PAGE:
Written PostCatching Up on 2010: Josh Reviews I Knew It Was You: Rediscovering John Cazale

Catching Up on 2010: Josh Reviews I Knew It Was You: Rediscovering John Cazale

It’s very possible that John Cazale has the greatest batting average of any actor in history.  He only appeared in five films, but they were, in order: The Godfather, The Conversation, The Godfather Part II, Dog Day Afternoon, and The Deer Hunter. It’s an amazing streak of five phenomenal performances in five phenomenal films, although that only emphasizes the tragedy of Mr. Cazale’s death at the incredibly young age of 42.

Anyone in the cult of The Godfather, like me, already knows the name John Cazale.  He, of course, plays the sweet but hapless Fredo, brother of Michael (Al Pacino) and Sonny (James Caan).  Although not one of the big-star names in the film (like the afore-mentioned Mr. Pacino and Mr. Caan, along, of course, with Marlon Brando and Robert Duvall), Mr. Cazale’s work as Fredo is absolutely amazing.  He creates, in Fredo, a role of enormous depth and sophistication.  Fredo is a character who is, on the one hand, all surface — he’s unable to hide his thoughts and feelings the way his brother Michael can — though Mr. Cazale brings enormous soul to the character and shows us deep layers of emotion and feelings behind his amazingly expressive eyes.

Those eyes are often commented upon by those who loved and admired Mr. Cazale in the documentary I Knew It Was You: Rediscovering John Cazale, directed by Richard Shephard.  The film is aimed at introducing movie fans to this incredibly talented, yet sadly somewhat forgotten, actor.

Even at the time, Mr. Cazale’s talents were often overlooked.  The film points out that, while the five films he starred in were nominated for a total of 44 Academy Awards (quite a haul!), Mr. Cazale himself was never nominated.  And in a sad scene early in the documentary, we see pedestrians in New York City asked to identify Mr. Cazale from a picture of him as Fredo from The Godfather. While many are able to recall the name of his character, not one knew Mr. Cazale’s name.  (I always wonder if scenes like these in films aren’t the result of judicious editing to make the point that the filmmakers want, but in this case I have no doubt that most people have never heard John Cazale’s name.)

The film spends a few minutes giving us some insight into Mr. Cazale’s background and childhood, but for the most part it focuses on his work in his five films.  A plethora of actors and directors — including Francis Ford Coppola (who directed Mr. Cazale in the first three films in which he appeared), Sidney Lumet (who directed him in his fourth film, Dog Day Afternoon), Meryl Streep, Al Pacino, Gene Hackman, Robert De Niro, Richard Dreyfuss, Steve Buscemi, Sam Rockwell, and Philip Seymour Hoffman — regale us with high levels of praise for Mr. Cazale’s skills and talents.  These discussions about his work are highlighted by generous clips from all five of his films.  Mr. Shephard does a great job of finding just the right clip to highlight what each of his interview subjects is discussing, so that, for instance, when one praises his silent facial expressions in the scene in The Godfather Part II when Michael orders a halt to the party Fredo had prepared to welcome him, we cut immediately to that moment to see it for ourselves.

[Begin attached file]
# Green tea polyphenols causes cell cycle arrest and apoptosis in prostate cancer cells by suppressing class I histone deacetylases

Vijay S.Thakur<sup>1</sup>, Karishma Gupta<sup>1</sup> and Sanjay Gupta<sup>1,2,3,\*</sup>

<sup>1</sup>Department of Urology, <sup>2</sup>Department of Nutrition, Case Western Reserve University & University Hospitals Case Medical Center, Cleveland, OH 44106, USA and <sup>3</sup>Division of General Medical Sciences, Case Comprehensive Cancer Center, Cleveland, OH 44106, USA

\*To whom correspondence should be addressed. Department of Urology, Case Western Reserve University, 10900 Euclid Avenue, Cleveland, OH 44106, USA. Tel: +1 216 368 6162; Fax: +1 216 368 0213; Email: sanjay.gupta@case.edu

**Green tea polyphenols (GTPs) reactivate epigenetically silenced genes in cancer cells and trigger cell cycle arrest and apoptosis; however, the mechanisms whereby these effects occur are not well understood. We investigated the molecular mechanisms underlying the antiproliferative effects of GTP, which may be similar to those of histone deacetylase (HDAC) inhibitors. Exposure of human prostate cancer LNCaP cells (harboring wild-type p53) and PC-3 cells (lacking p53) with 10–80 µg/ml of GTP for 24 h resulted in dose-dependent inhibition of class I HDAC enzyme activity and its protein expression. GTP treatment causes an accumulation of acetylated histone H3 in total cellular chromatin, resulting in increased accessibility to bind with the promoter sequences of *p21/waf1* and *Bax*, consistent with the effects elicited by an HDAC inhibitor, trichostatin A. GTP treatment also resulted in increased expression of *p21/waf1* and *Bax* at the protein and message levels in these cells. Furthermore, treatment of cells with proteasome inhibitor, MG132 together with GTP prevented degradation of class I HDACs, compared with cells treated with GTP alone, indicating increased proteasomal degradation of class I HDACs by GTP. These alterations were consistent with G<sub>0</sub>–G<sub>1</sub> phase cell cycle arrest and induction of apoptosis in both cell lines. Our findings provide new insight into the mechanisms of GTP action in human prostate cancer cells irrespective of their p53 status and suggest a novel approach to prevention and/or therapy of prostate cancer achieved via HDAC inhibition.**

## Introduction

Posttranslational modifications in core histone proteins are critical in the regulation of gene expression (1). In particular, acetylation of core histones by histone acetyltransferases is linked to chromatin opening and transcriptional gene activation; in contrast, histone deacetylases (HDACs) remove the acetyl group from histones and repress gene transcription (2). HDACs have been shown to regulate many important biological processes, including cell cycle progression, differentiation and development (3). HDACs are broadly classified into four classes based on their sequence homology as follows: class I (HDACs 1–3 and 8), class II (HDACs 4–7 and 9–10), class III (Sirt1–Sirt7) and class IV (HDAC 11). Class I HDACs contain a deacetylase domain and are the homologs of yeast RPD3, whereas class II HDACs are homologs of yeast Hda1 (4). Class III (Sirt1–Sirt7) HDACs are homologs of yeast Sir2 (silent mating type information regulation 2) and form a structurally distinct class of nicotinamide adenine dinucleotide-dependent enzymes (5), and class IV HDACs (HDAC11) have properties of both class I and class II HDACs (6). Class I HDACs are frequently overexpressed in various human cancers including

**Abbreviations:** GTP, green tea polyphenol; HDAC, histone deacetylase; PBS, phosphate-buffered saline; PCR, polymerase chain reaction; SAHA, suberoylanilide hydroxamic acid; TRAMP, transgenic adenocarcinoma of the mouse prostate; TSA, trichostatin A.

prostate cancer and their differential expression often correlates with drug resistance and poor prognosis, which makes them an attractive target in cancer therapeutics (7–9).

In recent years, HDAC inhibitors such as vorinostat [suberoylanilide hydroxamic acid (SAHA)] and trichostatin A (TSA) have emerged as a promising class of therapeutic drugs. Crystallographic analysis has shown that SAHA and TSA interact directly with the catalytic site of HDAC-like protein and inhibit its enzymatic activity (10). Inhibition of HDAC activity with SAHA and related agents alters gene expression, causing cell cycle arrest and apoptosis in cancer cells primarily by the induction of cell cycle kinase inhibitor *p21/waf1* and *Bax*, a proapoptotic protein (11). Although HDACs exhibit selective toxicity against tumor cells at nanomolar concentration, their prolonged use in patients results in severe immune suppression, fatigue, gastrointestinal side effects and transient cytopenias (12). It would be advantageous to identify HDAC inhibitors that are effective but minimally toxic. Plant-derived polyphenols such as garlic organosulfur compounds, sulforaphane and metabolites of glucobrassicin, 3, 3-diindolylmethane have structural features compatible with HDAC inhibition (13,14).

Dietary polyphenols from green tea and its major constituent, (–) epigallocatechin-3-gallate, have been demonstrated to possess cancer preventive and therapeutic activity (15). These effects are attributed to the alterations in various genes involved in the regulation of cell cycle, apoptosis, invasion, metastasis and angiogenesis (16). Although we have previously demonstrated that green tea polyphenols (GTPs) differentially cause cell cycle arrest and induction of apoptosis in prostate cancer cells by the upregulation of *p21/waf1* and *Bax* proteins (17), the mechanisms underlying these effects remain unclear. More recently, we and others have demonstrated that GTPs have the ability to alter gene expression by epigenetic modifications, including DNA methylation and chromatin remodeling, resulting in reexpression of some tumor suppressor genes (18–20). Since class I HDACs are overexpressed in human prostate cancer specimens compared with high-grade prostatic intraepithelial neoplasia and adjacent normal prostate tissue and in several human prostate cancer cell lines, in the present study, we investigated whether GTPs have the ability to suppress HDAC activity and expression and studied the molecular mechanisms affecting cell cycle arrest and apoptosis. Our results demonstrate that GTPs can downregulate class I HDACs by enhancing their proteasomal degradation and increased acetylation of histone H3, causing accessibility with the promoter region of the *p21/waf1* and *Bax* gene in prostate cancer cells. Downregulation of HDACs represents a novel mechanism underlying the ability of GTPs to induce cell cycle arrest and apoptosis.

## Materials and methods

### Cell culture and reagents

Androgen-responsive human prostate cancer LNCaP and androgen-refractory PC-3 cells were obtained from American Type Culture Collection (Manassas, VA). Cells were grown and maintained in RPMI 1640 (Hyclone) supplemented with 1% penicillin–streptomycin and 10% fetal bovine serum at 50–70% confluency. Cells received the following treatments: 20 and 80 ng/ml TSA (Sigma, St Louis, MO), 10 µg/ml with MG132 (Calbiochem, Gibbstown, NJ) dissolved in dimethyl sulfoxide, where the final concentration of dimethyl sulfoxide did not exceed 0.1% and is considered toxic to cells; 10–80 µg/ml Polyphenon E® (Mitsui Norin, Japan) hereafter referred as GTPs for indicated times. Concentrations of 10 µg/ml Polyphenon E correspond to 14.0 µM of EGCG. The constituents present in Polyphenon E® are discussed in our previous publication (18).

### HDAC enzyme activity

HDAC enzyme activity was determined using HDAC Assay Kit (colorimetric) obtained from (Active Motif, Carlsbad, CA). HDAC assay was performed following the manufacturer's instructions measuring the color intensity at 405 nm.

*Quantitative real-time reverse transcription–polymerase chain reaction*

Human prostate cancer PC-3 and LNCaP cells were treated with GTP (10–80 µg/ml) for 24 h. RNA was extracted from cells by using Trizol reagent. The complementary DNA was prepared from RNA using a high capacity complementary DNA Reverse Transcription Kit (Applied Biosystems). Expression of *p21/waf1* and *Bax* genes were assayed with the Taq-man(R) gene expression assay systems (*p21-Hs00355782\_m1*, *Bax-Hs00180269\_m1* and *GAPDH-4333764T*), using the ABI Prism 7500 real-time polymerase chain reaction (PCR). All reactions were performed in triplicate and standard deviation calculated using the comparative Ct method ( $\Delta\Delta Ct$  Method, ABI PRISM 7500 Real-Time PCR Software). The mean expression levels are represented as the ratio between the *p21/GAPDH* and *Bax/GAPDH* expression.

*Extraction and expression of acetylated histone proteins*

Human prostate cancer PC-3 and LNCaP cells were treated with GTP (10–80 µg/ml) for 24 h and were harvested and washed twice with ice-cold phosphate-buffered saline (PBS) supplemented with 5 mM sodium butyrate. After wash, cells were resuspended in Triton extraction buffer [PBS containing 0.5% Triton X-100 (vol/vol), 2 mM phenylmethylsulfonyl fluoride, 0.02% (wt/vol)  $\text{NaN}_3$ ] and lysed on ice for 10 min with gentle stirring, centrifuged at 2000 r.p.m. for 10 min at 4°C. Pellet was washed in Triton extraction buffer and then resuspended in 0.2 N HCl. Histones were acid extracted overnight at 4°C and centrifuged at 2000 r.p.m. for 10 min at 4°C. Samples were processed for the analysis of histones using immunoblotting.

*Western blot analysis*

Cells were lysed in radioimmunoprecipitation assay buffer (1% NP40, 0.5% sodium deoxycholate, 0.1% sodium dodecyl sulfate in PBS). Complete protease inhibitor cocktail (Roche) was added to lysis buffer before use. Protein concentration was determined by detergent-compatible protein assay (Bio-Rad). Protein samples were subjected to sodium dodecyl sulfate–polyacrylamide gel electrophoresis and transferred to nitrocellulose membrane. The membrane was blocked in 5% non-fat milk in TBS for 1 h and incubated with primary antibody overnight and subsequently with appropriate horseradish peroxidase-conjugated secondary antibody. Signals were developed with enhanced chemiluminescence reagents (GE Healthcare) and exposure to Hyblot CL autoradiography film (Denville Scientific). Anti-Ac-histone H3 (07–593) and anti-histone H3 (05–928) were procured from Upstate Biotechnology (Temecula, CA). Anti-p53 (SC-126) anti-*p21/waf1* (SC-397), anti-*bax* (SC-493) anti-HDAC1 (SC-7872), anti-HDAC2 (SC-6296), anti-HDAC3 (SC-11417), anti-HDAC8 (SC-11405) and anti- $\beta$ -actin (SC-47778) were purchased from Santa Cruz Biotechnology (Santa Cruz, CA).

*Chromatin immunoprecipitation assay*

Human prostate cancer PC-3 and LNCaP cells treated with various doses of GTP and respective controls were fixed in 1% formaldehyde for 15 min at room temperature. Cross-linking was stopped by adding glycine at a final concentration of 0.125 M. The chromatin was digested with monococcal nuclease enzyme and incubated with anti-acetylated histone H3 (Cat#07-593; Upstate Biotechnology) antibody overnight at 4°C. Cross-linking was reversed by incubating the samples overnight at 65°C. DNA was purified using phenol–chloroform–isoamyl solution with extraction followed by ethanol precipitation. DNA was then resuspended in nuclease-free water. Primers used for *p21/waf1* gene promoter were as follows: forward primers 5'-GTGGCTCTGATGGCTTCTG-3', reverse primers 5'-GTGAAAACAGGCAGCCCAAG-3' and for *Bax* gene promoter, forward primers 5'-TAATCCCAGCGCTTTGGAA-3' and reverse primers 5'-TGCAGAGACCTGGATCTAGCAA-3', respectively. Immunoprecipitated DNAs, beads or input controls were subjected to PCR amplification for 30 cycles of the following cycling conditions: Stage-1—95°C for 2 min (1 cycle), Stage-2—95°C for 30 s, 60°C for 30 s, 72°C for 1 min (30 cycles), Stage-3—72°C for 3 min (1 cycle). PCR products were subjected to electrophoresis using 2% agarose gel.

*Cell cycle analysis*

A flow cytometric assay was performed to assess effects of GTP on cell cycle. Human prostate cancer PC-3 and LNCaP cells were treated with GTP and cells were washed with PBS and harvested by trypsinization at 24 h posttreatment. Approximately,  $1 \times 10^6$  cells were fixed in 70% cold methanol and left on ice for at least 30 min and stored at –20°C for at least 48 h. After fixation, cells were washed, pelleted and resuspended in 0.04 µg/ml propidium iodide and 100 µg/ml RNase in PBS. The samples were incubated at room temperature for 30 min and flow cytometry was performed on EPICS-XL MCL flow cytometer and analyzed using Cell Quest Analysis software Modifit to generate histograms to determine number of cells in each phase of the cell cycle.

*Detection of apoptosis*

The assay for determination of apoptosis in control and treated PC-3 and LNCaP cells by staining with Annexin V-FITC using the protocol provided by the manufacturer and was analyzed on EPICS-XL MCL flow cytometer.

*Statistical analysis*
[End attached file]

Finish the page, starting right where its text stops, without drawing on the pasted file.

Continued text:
I didn’t need to be convinced of Mr. Cazale’s talents, but I still found it great fun to revisit his films, and fascinating to see the awe that these other actors still have for his work.  In particular, it was especially poignant to hear Mery Streep’s recollections.  I had no idea that she was in a relationship with Mr. Cazale when he died.  That adds yet another level of tragedy to his loss — that their love affair was cut so tragically short.  Ms. Streep conducts herself with extraordinary dignity in her interview segments.  It’s quite devastating to hear her talk of her short time with John.

My only complaint about this film is that it’s incredibly short!  Running less than forty-five minutes, it’s barely a film at all.  At the end, I still felt that there was more to Mr. Cazale’s story that could have been told.  I would have been interested in learning more about his background, and while the array of actors and directors interviewed for the film contain all of the big names who worked with Mr. Cazale, it still seems like only around ten people were interviewed for the film.  I wonder if Mr. Shephard couldn’t have broadened the range of his interviews, to include more people who worked with Mr. Cazale on his films, or perhaps more actors like Sam Rockwell and Philip Seymour Hoffman who look up to his work.

Despite my wishing for more, what we have here is undeniably good.  I wholeheartedly recommend I Knew It Was You: Rediscovering John Cazale.  Now I need to go back and re-watch those five films…